At the very center of Polynesia, Upolu and Savaii are the twin islands that truly fulfill the South Seas vision of palm- lined, white-sand beaches and blue ocean beyond the reef. And in the capital of Apia, which has at least some of the trappings of a modern city, you'll also find a slightly timeworn, sultry townscape out of the old South Pacific.
Until 1997, the country was known as Western Samoa - long famous throughout the South Pacific for Fa'a Samoa, a way of life in which traditional customs (dance, a love of kava, and the art of tattooing among them) and strong community ties shape daily living in ways unmatched anywhere else in Polynesia. It's the kind of place where modest lodgings remain the norm, rugby is a passion, and while you can charter a fishing boat, it's more fun to watch (and learn how) the locals cast a small net off the beach - then join an outrigger canoe for a practice run across Apia Harbour.
Snorkelers will revel in the calm, coral-filled chasm at Palolo Deep National Marine Reserve, a short walk from Apia), and a handful of kayak outfitters now offer trips along the coastline and small offshore islands. Hiking, both in the rugged interior mountains (you'll want a guide) and along the coast (palm-lined beaches abound on the south and northeast coasts) is virtually untapped. Sheer fun? It's hard to beat Papaseea sliding rock, a 15-foot ride down a waterfall into a jungle pool straight out of a South Pacific movie...
Samoa can't match Fiji wave for wave, but the number of surf camps that have sprung up on both Upolu and Savaii are an indication that the offshore reefs here hold more than just promise. Just as in Hawaii, you can surf year-round, with the north shores of the island best from December through February (summer down here), and the more consistent south shore breaks (including Salamumu, a left on Upolu) peaking from May through August. And just hope that the biggest swell of the year doesn't roll through on Sunday - when some villages on this religious island prohibit surfing.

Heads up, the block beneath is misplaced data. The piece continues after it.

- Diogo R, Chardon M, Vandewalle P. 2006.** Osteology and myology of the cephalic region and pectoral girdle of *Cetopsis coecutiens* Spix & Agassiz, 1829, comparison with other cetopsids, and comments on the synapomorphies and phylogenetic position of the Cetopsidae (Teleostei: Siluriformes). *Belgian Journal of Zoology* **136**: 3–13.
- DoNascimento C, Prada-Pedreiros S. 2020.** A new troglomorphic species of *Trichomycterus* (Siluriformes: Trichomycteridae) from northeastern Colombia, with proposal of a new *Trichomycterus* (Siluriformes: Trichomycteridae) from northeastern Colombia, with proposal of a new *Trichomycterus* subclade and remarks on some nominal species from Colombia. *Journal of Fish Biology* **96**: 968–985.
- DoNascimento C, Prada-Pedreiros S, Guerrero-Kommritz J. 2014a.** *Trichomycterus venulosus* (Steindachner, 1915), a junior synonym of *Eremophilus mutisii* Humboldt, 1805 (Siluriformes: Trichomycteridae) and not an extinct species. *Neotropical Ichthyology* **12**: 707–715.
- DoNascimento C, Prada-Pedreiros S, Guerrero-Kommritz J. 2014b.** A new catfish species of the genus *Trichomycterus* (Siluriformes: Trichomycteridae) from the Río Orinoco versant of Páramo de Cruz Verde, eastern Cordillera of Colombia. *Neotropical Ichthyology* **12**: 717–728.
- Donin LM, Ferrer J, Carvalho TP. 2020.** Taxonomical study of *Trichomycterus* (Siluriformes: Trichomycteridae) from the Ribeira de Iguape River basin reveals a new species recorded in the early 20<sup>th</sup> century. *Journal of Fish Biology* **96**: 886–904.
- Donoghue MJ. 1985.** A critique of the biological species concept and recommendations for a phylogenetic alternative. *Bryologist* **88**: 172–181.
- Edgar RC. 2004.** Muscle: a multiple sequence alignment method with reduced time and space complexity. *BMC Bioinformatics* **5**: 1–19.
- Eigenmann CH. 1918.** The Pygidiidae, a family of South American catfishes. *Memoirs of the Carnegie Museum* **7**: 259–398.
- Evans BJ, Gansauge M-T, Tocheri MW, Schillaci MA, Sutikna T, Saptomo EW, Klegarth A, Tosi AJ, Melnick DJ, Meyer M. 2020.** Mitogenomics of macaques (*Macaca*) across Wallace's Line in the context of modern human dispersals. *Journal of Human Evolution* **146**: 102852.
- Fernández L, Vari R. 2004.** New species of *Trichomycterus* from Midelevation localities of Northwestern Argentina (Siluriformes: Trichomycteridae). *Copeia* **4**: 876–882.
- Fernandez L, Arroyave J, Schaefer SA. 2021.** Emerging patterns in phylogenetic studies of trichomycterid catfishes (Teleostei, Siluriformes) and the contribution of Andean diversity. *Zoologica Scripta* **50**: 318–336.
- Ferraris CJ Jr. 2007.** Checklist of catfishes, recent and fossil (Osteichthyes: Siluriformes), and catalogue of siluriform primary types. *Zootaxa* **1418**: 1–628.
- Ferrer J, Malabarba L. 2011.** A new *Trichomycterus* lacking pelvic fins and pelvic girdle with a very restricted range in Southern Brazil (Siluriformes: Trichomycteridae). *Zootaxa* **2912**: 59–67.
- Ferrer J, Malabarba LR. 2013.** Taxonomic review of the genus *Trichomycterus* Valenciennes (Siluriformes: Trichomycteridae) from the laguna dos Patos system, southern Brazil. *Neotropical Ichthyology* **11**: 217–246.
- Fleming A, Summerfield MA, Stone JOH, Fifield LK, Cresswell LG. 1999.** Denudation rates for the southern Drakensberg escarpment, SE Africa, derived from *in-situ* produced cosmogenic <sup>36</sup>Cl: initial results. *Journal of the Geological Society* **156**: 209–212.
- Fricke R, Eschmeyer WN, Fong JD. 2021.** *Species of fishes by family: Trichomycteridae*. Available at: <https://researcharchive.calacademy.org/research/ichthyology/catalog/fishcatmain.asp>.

Treasure Island may have been set in the West Indies, but Robert Louis Stevenson chose to live out his days in Samoa. Visit Valima, his plantation home, now beautifully restored as a museum that showcases Stevenson memorabilia. Then climb a steep hill at the rear of the home to see the author's grave, overlooking Apia and the sea beyond. Walk downtown to the Tuai Market for food and crafts, then pay tribute to the spirit of the old South Pacific by hoisting a few in the bar of the legendary Aggie Grey Hotel.
You can translate fiafia as: Eat (think Hawaiian-like luau cooked in an above-ground oven called an umu), drink (mouth-numbing kava is the favored brew), and be merry as you watch some of the finest traditional dancing in Polynesia. Fire dances and knife dances by the men are standbys, but for the soul of these islands, watch the women perform the graceful siva, where the tempo begins slowly, builds rapidly, then ebbs like an outgoing tide...